Health trust publishes new Whipps Cross plans

A vision for how a new Whipps Cross Hospital site could look, including a high street and new housing
A vision for how a new Whipps Cross Hospital site could look, including a high street and new housing

Intention to reduce bed numbers at Leytonstone hospital confirmed in report by Barts Health Trust, reports Victoria Munro, Local Democracy Reporter

A newly-released report on the proposed Whipps Cross University Hospital rebuild explains why bed numbers could be cut by around 50 – despite a growing local population.

Barts Health NHS Trust, which manages the hospital, has published its vision for the “once-in-a-lifetime” redevelopment. It forms the first part of the ‘business case’ which has now been approved by government, with a more detailed submission due to be drawn up next year.

The current Whipps Cross site in Leytonstone had 576 beds available on average in 2018/19, while for the new hospital the trust says it has now “adopted an assumption of 525 beds”. The local population is expected to grow by 10% over the next decade but the trust expects improved care out of hospital and faster treatment will reduce the number of beds needed. It insists the new hospital will be able to increase capacity when required.

The new hospital will be constructed on the site of Whipps Cross’s disused nursing accommodation, allowing usual service to continue unaffected in the existing building throughout. By reducing the size of the current “sprawling” site – parts of which predate the founding of the NHS itself – the trust will make room for around 1,500 homes, half of which will be affordable, to contribute towards the cost of the rebuild.

Work could begin as soon as 2022 and finish in 2026, if all funding is secured and planning permission obtained. Demolition of the nurses’ block is set to begin before the end of this year, with permission for the work already granted.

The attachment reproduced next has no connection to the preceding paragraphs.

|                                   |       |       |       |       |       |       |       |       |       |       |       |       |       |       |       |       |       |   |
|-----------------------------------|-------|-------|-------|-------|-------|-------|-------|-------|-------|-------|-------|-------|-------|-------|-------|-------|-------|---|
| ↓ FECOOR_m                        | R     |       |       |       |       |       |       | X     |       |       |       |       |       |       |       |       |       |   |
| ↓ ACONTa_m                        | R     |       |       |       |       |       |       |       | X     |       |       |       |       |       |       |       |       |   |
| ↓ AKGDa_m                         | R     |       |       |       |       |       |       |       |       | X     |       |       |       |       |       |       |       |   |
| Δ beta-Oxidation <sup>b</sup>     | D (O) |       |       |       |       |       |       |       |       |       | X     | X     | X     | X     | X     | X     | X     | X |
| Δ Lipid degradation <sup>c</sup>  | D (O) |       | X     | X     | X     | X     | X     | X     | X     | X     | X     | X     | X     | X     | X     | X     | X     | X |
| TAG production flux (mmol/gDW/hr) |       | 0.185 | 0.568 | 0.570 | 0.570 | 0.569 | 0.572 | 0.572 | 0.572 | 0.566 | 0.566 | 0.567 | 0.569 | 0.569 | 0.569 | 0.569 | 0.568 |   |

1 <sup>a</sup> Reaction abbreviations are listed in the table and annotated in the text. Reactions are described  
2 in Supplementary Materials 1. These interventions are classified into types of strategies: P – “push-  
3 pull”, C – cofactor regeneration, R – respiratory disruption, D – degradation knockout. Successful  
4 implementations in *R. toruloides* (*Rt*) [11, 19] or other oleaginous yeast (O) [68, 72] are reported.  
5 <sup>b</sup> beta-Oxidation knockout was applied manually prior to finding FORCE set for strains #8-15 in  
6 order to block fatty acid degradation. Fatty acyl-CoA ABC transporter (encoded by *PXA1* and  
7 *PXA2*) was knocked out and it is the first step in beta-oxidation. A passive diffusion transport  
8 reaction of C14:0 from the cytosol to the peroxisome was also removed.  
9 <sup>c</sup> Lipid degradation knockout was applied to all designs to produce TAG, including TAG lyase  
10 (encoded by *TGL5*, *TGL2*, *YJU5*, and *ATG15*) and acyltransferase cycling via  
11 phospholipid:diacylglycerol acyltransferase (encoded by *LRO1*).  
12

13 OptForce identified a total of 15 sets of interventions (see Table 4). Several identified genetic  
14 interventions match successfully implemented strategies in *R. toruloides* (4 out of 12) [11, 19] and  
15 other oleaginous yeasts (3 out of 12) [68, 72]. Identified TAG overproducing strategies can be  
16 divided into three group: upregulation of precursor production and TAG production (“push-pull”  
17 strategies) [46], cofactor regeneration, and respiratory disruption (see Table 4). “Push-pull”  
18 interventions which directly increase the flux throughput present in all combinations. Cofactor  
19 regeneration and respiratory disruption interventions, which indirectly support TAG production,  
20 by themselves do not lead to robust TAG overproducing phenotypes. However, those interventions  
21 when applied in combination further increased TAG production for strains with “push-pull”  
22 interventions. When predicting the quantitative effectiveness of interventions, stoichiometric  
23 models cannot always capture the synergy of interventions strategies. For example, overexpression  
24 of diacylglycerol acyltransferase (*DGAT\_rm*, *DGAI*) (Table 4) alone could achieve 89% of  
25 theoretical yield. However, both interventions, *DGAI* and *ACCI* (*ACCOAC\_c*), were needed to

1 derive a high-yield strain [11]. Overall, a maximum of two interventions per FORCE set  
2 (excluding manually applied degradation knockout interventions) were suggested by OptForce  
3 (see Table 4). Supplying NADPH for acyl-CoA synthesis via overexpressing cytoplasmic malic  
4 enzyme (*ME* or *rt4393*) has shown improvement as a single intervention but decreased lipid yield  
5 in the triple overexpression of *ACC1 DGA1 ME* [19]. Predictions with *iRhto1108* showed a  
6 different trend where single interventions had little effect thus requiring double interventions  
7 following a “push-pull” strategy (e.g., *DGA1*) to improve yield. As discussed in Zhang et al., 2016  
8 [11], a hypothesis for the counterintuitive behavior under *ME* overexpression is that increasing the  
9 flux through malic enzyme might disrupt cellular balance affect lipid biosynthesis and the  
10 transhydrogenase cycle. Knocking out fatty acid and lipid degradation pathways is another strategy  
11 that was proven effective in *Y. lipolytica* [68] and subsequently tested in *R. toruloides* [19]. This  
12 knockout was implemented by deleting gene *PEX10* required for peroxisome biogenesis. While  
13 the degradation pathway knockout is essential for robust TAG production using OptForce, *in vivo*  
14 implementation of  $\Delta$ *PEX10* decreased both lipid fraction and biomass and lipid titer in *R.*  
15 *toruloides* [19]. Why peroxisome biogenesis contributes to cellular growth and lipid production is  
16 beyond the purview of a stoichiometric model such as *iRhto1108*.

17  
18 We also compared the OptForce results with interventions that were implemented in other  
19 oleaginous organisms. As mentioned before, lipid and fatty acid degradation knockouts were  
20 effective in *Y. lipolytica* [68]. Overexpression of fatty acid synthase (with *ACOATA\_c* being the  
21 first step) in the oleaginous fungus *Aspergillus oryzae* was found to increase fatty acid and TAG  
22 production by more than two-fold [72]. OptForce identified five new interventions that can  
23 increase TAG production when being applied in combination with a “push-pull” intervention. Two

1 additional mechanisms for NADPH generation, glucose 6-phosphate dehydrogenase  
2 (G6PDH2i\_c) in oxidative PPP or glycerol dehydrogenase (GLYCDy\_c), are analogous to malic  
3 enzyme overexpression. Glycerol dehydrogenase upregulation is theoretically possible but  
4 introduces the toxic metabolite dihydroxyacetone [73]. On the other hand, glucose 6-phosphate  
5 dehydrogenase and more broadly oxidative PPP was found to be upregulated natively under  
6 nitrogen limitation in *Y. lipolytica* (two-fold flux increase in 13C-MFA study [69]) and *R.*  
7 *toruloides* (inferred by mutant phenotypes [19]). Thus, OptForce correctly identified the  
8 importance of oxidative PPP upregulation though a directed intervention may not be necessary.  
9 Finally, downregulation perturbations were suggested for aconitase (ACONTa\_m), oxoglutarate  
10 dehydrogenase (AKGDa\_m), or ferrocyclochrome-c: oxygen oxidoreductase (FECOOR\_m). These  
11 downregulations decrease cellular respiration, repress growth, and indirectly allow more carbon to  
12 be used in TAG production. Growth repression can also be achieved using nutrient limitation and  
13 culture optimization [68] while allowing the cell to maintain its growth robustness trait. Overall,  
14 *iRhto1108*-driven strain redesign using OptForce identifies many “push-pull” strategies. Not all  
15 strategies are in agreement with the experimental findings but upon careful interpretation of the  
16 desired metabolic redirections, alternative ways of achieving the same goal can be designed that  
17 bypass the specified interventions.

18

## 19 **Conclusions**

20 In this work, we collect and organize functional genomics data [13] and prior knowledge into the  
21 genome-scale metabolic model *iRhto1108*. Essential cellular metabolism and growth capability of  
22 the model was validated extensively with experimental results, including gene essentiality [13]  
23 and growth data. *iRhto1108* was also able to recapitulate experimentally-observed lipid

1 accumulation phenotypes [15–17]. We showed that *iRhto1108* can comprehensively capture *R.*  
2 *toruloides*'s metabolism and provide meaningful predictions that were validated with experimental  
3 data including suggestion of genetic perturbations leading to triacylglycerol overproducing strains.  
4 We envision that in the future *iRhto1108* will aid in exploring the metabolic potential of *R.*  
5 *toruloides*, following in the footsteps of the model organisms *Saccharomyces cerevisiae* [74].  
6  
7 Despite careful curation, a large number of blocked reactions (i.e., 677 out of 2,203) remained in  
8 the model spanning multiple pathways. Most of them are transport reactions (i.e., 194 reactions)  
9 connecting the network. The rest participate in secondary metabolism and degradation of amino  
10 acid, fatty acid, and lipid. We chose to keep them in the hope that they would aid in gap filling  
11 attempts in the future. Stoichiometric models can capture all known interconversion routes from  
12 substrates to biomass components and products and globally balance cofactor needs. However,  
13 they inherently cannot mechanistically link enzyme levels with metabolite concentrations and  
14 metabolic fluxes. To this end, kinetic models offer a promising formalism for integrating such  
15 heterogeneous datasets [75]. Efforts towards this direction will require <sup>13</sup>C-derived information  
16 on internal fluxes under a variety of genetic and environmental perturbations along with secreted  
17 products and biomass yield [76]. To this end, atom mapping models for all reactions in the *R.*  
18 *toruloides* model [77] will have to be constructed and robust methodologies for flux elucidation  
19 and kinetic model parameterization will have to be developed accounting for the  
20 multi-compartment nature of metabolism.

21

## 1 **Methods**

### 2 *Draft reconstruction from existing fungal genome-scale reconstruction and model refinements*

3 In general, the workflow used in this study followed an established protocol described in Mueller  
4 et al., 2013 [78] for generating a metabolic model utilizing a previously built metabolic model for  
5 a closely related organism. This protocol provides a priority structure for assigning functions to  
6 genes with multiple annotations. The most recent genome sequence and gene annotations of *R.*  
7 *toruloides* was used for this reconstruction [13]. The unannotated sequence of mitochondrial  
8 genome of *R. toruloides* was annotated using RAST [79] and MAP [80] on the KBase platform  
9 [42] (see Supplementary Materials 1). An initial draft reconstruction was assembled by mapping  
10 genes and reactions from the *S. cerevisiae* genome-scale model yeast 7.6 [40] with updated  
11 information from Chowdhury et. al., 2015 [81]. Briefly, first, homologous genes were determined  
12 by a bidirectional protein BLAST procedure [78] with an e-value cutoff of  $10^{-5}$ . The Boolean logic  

Barts chief executive Alwen Williams said: “I’m delighted the government has endorsed our strategic outline case. This means we have the ‘green light’ to develop our proposals in more detail.

“It means we are one step closer to our goal – a brand new state-of-the-art hospital situated within a wider health and wellbeing setting alongside much needed new homes, bringing real benefits to the local community.”

The trust expects that by speeding up treatment and reducing the number of people who become sick enough to be admitted to hospital, it can cope with fewer beds. The new report, Building a Brighter Future for Whipps Cross – Moving to the next stage, reads: “Our local partners plan to improve care and support outside of hospital, so we expect more people will avoid having to come to A&E than would have been the case, because they will be better supported in or closer to their homes.

“For example, our partners in Waltham Forest and Redbridge are working to improve care for people with long-term conditions such as diabetes, multiple sclerosis or chronic asthma.

“The effect will be less people reaching the stage where they need hospital and those already there will be able to be more quickly discharged safely.”

Barts also expects more patients to be seen and treated on the same day rather than admitted, thanks to doubling the capacity for tests with more CT (computerised tomography) and MRI (magnetic resonance imaging) scanners. The report adds: “We would anticipate the overall amount of days that patients spend in a hospital bed could fall by 10% over the next ten years.”

A petition launched earlier this year called for the trust to include more beds in the rebuilt hospital and received more than 5,700 signatures. Waltham Forest Save Our NHS campaigner Mary Burnett said: “There is a mantra that we do not need more beds because everything can be done in the community, which is outrageous actually.

“You can’t get an appointment with the GP because we do not have enough. Social services are on their knees and staff in social care are not nursing staff.

“What’s really concerning about this is when things go wrong in the hospital it gets picked up, but if an elderly person dies at home because they did not have the treatment they needed, the responsibility for it can become much more complex.

“We need a new hospital but if we get one with not enough beds, we will still have people waiting on trolleys to be admitted.”

Barts will receive at least £350million from the government over five years to fund the rebuild of Whipps Cross, one of six hospitals in the country to receive extra funding as part of a package announced before last year’s general election. Further government funding will likely be needed, however.

This autumn, Barts is hosting a series of large virtual public events in partnership with local councils to gather views and further shape the plans. For more information go to bartshealth.nhs.uk/future-whipps